Denmark ‘had alert about lone gunman’

A policeman labels bullet holes at the Krudttoenden cultural centre yesterday. Picture: AP

A policeman labels bullet holes at the Krudttoenden cultural centre yesterday. Picture: AP

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Denmark’s domestic intelligence service acknowledged yesterday that prison officials alerted the agency last year to the suspected gunman in the weekend’s shooting attacks that killed two people and wounded five in Copenhagen.

The Danish security and intelligence service, known by its Danish acronym PET, said the report, in September, didn’t give any reason to believe that the 22-year-old was planning an attack. PET also said it didn’t have any intelligence before the gunman’s shooting sprees at a cultural centre and synagogue that an attack was imminent.

A 55-year-old Danish documentary filmmaker and a Jewish security guard died and five police officers were wounded in the shootings before the gunman was killed early Sunday in a firefight with a Swat team.

Two sources close to the case identified the gunman as Omar Abdel Hamid El-Hussein. One said he was released from jail about two weeks before the attacks after serving time for a stabbing in November 2013.

A native of Denmark with Palestinian parents, El-Hussein had been in and out of prison since 2011 after being convicted of weapons, violence and other offences, court documents showed.

Many Danes first saw El-Hussein’s image in November 2013, when he was wanted by police for gravely wounding a 19-year-old student in his thigh and buttocks with a large knife.

He told the court he had smoked hashish and was feeling paranoid when he randomly attacked the student.

Prosecutors charged him with attempted homicide but a judge convicted him of aggravated assault, taking into account Mr El-Hussein’s claim that he never meant to kill the victim, said court reporter Jesper Braarud Larsen, who covered his trial in December.

While he was awaiting trial for the stabbing attack a change in his behaviour last summer set off enough “alarm bells” for jail authorities to alert PET, a source close to the investigation said. Such warnings usually set in motion counter-radicalisation efforts, such as counseling in jail – but court documents make no mention of this taking place.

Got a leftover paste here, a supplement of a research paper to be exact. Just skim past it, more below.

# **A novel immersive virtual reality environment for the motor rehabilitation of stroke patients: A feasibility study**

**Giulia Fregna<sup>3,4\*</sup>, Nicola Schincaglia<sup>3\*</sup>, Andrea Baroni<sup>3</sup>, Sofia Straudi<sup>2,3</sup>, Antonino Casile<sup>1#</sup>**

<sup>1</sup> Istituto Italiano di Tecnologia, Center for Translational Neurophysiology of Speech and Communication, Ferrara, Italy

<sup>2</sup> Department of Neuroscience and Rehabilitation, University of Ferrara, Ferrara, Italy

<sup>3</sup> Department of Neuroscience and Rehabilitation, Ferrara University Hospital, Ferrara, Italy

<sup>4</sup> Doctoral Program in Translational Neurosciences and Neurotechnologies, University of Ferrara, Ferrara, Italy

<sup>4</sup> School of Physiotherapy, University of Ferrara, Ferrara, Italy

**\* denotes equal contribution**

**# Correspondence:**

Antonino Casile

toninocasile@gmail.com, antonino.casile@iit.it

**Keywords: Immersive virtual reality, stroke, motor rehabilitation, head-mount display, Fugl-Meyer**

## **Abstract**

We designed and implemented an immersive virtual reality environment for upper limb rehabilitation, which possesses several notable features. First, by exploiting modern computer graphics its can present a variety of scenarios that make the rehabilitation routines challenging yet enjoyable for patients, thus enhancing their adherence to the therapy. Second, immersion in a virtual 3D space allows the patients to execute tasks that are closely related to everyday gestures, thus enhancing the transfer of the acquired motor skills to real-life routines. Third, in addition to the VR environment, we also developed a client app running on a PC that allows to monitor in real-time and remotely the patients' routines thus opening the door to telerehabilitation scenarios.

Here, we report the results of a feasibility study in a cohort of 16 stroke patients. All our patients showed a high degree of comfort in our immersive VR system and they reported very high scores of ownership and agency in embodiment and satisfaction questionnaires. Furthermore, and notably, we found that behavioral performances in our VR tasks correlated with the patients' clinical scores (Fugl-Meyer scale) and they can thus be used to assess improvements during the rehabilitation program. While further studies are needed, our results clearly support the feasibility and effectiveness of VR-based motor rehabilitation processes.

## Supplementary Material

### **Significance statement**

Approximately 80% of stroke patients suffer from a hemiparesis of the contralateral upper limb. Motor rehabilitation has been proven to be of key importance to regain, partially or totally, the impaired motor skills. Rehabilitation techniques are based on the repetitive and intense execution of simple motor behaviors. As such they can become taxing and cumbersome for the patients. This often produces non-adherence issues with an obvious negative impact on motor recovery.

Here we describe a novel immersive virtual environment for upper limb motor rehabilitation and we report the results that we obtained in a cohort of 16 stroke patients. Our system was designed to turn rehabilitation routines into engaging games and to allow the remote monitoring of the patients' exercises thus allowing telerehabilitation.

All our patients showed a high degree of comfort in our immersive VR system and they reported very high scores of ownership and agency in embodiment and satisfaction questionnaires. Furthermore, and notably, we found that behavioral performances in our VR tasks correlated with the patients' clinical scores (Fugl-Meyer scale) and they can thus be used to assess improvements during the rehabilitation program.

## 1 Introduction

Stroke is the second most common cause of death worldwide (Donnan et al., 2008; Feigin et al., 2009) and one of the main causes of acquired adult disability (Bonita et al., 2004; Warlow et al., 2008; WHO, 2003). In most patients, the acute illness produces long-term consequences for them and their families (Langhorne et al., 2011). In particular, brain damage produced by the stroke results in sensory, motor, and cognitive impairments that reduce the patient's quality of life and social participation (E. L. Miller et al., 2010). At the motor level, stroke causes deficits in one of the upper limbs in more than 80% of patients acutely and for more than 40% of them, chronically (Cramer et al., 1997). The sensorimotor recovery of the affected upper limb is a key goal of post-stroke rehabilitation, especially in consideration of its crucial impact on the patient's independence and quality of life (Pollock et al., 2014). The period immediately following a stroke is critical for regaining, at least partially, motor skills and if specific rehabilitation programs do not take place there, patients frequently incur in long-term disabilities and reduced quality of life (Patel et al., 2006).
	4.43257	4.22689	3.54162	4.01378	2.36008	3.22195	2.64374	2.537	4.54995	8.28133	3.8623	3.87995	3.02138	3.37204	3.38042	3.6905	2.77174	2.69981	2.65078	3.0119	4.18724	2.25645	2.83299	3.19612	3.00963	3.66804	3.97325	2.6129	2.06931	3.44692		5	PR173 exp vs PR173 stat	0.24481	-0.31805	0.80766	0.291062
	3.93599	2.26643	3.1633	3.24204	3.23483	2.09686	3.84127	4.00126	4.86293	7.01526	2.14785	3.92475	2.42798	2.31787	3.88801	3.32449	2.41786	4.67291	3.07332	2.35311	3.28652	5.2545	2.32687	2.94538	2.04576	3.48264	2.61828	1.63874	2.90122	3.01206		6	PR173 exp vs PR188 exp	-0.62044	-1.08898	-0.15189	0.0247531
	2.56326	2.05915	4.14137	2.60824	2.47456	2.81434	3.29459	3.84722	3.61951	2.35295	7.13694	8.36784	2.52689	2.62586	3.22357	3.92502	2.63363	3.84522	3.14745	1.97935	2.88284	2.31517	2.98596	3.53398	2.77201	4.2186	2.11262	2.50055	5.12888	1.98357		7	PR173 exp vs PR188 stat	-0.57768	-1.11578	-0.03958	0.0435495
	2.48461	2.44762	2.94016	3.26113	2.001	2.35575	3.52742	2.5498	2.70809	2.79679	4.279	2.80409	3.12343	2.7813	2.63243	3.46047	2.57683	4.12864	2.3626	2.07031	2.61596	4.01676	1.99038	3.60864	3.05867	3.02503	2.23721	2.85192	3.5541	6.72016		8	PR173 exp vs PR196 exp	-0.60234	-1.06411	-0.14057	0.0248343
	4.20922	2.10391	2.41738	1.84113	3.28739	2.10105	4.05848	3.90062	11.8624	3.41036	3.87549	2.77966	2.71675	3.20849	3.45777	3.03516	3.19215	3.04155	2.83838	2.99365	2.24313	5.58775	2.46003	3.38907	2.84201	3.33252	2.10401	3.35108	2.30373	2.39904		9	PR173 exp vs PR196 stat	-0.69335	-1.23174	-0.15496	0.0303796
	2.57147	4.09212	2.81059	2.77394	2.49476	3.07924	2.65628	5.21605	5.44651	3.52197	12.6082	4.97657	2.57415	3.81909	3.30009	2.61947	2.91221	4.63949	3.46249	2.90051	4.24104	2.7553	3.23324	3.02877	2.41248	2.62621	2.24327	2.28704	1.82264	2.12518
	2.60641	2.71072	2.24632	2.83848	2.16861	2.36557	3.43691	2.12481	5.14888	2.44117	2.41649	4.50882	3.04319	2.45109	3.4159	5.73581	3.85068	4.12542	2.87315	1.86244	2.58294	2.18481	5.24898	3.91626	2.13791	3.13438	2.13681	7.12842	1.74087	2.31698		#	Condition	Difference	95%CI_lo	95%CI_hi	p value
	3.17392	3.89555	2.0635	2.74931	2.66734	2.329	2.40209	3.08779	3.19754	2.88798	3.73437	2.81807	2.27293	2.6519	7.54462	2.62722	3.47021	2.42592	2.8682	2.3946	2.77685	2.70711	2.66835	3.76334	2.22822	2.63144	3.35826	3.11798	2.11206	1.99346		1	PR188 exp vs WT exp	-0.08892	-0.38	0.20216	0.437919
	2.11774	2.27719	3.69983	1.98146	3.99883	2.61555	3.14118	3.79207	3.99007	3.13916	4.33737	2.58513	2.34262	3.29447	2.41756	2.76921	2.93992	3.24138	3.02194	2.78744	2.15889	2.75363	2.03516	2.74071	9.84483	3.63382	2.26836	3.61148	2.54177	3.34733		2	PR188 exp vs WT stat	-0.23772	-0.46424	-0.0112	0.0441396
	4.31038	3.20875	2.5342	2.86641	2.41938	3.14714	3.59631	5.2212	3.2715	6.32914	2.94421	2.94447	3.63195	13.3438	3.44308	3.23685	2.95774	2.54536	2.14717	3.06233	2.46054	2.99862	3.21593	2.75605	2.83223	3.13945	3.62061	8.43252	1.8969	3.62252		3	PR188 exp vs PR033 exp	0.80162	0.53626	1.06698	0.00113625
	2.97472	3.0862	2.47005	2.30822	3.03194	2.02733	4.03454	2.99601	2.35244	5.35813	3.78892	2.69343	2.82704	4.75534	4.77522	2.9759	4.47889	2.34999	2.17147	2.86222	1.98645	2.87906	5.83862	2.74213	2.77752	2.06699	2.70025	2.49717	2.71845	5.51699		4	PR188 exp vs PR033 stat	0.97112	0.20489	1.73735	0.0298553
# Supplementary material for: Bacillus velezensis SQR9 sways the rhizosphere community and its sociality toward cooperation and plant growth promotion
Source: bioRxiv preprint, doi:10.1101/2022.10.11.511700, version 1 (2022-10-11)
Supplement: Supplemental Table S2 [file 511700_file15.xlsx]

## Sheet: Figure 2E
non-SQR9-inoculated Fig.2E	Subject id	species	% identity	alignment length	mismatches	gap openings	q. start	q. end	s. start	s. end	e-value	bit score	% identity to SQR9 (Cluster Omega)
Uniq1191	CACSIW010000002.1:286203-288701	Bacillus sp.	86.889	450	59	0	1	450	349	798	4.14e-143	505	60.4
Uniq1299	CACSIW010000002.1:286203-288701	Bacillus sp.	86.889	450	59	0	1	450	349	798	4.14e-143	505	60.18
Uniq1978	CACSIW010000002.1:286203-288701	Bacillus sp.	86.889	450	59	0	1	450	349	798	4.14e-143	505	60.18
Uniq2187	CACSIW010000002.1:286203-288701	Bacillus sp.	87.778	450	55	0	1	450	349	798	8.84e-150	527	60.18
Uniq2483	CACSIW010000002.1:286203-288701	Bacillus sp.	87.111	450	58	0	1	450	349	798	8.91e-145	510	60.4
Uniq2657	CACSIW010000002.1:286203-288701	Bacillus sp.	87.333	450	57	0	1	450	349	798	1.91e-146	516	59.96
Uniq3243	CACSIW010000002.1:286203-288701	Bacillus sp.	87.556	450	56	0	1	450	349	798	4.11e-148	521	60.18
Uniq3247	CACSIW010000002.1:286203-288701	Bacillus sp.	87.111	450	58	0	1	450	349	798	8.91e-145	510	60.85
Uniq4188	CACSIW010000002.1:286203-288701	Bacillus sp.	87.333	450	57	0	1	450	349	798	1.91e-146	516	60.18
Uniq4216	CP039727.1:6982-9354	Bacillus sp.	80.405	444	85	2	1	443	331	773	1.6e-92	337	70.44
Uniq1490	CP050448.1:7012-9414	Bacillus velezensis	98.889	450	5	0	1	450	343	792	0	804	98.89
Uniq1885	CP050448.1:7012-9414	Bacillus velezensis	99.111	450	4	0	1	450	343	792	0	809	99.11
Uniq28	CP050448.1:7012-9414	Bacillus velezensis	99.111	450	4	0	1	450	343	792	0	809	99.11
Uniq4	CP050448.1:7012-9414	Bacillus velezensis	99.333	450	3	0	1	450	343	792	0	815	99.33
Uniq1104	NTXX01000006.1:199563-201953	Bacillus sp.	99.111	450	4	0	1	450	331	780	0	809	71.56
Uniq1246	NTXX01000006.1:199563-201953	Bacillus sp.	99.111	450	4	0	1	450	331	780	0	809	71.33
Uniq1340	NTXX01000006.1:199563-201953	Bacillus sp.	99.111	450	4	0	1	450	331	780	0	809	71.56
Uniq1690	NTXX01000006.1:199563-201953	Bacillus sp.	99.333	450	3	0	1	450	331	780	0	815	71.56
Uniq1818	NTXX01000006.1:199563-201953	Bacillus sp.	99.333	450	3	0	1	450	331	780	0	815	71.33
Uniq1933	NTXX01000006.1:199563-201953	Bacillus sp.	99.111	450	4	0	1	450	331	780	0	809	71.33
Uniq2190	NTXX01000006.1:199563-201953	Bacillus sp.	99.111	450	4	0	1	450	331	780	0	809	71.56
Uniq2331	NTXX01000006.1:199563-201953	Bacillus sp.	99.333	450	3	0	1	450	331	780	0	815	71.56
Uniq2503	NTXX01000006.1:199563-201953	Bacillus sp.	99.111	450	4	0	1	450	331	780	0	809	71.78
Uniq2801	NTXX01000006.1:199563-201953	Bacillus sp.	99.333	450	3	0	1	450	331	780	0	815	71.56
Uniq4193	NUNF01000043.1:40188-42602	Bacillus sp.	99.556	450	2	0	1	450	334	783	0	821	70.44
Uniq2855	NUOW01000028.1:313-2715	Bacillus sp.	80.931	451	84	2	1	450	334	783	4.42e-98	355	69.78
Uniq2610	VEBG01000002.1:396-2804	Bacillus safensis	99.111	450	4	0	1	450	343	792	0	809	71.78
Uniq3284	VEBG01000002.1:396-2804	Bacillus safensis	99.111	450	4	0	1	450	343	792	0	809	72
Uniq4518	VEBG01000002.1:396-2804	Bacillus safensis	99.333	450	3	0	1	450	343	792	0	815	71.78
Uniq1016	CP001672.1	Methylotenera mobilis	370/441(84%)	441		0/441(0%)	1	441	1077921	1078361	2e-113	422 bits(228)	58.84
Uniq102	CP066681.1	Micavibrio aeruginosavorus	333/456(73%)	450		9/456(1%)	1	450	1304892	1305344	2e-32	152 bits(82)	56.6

The agency’s director, Jens Madsen, has confirmed they had been aware of the gunman, and that El-Hussein might have been inspired by last month’s attacks by Islamic extremists in Paris, which killed 17 people.

Sentenced to the time he had already served, El-Hussein was released about two weeks ago, the source said, speaking on condition of anonymity as police haven’t officially identified the gunman.

On Monday, a judge ordered ten days of pre-trial detention for two people accused of helping El-Hussein get rid of a weapon while evading authorities. Both men deny the charges, said Michael Juul Eriksen, a defence lawyer for one of the two.

Denmark’s prime minister Helle Thorning-Schmidt said there was no indication that the gunman was part of a wider cell, but gave no evidence for that claim.

Ms Thorning-Schmidt joined Danish crown prince Frederik, foreign dignitaries and some 30,000 people on Monday night to honour the victims outside the Krudttoenden cultural ­centre.

The centre, which was hosting a panel discussion with a Swedish artist who had caricatured the prophet Muhammad, was the gunman’s first target on Saturday. The artist, Lars Vilks, was whisked away unharmed by his bodyguards. US president Barack Obama has phoned the Danish prime minister to offer his condolences. The White House said Obama spoke with Ms Thorning-Schmidt on Sunday and offered the support of the US.

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